Another great step for Elementa School


While pupils of the private Elementa day school in Menzingen did not themselves take off into space, they did the next best thing and sent up three large weather balloons, one of which was equipped with a camera, in the hope of getting some stunning aerial photographs of northern Switzerland.
 
Some 14 pupils, both boys and girls, had carefully done all the scientific and technical planning in the months before under the expert guidance of their teacher Reto Speerli. Readers may remember the outstanding photographs taken from a weather balloon he and his half-brother, Alexander, launched in a trial run earlier this year.
 
Preparations for last weekend's launch had taken place on previous Saturdays on a voluntary basis. It was 9-year-old Ricardo's job to go through the check-list prior to launching the three balloons, named appropriately Icarus 1, 2 and 3. Icarus 1 was fitted with a cine-camera while Icarus 2 was for still photographs. Icarus 3's job was to measure data about the air. While none of the pupils was able to take off, an action-man type model, aptly named Icarus Armstrong, was attached to Icarus 2, representing each one of them.
 
Speerli had bought the weather balloons in England and they were each filled with helium in front of the excited gathering, made up not just of pupils but of their parents and brothers and sisters, too. "The balloons will reach an altitude of about 30 kilometres," explained Speerli, "and in the end they just burst but a capsule with all the important information falls to earth and lands gently thanks to a parachute."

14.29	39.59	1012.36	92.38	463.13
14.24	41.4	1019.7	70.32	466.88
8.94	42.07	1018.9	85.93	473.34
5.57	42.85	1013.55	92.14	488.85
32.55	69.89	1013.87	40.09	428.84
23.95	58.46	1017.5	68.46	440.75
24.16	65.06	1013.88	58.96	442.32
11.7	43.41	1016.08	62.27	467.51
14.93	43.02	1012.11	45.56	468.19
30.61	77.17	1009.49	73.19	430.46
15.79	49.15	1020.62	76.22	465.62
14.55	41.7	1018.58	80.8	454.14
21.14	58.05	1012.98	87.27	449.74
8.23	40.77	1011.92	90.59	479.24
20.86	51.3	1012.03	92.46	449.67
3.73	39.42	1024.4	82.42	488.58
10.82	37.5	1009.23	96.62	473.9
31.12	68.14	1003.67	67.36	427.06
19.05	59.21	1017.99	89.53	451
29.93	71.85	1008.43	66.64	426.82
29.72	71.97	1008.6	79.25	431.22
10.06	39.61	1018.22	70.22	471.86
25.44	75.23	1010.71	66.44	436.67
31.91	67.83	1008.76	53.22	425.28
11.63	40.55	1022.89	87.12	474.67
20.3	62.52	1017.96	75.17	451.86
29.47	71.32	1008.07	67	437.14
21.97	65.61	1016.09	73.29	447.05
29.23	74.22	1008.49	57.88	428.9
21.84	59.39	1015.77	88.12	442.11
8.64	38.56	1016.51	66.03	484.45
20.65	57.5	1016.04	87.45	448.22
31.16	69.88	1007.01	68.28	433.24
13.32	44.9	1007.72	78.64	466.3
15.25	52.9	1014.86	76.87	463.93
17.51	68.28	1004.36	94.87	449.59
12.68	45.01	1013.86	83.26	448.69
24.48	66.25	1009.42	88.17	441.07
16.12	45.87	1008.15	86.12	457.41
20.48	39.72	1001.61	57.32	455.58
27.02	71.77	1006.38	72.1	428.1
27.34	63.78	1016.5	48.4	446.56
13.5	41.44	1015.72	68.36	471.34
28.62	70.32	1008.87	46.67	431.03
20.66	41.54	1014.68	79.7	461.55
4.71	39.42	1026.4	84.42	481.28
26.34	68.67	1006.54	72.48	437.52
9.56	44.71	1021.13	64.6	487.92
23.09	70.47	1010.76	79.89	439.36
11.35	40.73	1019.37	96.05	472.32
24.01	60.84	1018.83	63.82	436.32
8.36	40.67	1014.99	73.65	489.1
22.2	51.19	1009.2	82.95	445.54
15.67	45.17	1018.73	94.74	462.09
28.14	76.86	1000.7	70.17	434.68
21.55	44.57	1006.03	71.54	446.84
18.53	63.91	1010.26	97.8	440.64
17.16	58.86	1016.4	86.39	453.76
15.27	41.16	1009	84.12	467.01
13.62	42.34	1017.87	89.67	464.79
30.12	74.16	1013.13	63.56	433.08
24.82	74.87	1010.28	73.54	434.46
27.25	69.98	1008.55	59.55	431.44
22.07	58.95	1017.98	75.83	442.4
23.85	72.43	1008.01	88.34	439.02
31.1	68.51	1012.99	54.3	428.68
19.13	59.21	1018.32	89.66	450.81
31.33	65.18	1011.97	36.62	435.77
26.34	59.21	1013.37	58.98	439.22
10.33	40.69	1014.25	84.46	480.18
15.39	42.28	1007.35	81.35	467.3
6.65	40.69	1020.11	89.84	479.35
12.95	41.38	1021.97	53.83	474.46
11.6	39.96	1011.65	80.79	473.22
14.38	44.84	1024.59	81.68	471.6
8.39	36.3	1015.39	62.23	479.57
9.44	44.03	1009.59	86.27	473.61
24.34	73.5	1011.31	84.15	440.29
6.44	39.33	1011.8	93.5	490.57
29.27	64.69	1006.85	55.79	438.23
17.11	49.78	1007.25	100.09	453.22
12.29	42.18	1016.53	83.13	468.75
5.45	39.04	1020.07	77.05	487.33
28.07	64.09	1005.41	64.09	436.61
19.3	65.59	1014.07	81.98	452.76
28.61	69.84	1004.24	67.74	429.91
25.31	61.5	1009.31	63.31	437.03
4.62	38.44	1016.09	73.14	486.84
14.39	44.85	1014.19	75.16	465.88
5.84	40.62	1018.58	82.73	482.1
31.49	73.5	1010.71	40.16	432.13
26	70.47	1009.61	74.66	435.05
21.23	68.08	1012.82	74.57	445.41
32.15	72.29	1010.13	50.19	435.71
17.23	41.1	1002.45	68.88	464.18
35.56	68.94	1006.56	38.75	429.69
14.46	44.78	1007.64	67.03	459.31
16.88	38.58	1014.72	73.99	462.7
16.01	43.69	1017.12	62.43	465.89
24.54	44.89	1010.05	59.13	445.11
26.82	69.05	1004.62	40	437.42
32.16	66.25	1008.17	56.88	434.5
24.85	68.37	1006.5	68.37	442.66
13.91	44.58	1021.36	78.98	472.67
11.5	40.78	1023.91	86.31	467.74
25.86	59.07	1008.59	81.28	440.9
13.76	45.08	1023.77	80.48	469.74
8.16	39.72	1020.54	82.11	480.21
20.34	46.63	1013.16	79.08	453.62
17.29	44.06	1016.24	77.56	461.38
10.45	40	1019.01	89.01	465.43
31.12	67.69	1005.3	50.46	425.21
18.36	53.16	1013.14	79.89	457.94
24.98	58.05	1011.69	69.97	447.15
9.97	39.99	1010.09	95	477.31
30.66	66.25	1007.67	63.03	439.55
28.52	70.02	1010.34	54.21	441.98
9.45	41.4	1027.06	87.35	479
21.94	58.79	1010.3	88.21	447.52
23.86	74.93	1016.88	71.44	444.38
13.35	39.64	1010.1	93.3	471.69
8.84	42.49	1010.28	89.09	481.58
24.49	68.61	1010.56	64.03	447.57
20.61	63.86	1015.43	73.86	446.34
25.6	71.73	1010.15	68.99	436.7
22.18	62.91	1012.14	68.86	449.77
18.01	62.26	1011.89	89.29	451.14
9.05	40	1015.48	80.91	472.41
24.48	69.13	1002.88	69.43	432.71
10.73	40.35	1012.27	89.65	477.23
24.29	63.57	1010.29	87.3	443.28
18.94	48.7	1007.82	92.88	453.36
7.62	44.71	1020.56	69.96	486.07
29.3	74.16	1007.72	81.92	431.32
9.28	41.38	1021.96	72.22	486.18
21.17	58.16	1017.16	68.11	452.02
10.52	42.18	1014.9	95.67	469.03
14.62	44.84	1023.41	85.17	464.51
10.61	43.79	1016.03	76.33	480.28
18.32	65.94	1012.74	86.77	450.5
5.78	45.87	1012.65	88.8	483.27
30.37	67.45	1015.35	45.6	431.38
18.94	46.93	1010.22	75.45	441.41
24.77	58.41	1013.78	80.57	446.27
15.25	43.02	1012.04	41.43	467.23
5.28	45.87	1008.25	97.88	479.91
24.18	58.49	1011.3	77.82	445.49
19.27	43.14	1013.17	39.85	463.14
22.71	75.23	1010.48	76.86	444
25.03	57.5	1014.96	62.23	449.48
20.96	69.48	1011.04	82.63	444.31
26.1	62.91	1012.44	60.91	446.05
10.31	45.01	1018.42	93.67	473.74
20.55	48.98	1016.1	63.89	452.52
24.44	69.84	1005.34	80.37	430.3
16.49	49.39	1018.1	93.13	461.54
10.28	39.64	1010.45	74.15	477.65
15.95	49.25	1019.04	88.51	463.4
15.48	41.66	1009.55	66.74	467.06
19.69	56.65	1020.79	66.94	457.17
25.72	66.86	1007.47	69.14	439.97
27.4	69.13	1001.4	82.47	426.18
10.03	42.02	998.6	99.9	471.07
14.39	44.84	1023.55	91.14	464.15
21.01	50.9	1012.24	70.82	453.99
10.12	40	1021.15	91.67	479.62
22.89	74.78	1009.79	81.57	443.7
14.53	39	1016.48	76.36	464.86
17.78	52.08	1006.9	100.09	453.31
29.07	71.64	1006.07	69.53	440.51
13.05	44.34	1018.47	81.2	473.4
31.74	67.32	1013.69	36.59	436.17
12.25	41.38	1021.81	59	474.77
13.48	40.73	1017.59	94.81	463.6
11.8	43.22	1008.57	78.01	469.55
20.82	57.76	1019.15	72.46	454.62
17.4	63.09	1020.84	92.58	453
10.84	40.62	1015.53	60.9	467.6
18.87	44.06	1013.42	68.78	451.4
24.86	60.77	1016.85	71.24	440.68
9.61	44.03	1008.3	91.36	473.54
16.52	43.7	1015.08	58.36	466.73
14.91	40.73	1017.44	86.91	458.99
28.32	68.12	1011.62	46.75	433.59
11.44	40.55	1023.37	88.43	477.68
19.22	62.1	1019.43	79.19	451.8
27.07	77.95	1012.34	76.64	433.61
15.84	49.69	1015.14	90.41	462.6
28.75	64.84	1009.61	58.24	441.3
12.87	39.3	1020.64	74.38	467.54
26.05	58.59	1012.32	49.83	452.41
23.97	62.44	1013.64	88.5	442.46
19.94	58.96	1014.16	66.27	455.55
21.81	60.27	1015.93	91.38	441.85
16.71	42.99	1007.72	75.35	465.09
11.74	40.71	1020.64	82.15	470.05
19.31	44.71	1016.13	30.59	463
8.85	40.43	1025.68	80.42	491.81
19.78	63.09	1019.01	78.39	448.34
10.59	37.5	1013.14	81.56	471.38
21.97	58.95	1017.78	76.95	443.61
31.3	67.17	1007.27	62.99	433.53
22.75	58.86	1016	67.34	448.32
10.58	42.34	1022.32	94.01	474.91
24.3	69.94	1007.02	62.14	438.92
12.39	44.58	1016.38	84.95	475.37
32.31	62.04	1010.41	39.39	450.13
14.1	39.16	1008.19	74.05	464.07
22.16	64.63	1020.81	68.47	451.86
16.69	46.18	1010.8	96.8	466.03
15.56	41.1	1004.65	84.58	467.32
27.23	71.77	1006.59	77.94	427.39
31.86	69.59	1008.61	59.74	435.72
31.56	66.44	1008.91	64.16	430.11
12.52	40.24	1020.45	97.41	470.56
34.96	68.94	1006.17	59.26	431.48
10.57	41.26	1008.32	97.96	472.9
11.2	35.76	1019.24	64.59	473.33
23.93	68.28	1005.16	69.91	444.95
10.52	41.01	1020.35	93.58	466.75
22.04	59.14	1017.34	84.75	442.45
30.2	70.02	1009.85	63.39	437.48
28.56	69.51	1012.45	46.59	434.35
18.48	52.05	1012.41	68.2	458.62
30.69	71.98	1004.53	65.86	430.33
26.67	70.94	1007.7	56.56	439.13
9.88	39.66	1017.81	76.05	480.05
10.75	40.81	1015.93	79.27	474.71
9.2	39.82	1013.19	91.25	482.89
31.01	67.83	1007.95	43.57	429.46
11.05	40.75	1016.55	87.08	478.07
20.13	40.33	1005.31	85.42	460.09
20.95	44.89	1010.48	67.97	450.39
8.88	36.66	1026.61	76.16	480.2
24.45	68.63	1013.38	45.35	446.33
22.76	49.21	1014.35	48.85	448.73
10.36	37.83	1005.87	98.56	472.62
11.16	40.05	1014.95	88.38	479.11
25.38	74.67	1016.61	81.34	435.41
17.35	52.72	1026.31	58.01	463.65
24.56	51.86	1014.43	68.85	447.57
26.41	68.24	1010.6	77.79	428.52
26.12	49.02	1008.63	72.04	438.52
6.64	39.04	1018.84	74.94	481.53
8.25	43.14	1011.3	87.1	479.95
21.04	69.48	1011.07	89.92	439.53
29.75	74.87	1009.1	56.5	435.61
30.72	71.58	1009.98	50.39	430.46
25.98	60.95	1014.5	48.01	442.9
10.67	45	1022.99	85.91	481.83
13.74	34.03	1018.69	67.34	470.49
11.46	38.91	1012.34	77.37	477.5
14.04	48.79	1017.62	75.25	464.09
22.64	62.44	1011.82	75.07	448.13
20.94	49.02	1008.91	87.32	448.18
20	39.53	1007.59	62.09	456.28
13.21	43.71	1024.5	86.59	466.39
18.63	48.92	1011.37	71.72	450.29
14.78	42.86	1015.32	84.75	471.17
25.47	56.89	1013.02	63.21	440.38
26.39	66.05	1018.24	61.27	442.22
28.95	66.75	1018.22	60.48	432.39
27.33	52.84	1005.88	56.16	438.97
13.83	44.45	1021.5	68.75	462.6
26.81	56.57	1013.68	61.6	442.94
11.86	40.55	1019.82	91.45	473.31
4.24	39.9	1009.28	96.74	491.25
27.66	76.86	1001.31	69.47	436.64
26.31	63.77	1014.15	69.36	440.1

Naturally Speerli had not been able to explain all the physics involved in such flights but it was his main intention to enthuse his pupils to such an extent that they would want to find out more themselves, something in which he has clearly been very successful.
 
Rather than head to Cape Canaveral, the school yard was used as a launch pad and there was great excitement as the countdown began shortly before 3 pm. "I just hope our balloons do not collide with a passing plane," said a concerned Ricardo, as his schoolmate Joshua followed the launch through a telescope." Based on the wind direction and other calculations, the pupils had worked out that the capsule could come down over the border with Germany, some 30 kilometres to the north of Schaffhausen.
 
Speerli was pleased with how everything went and  plans to repeat the experience with other classes. Ricardo already has ideas for the next stage. "We are aiming for the moon next time," he said. Before then, however, they are all heading for Lucerne, where they have been invited to present their project at the Transport Museum in autumn.    


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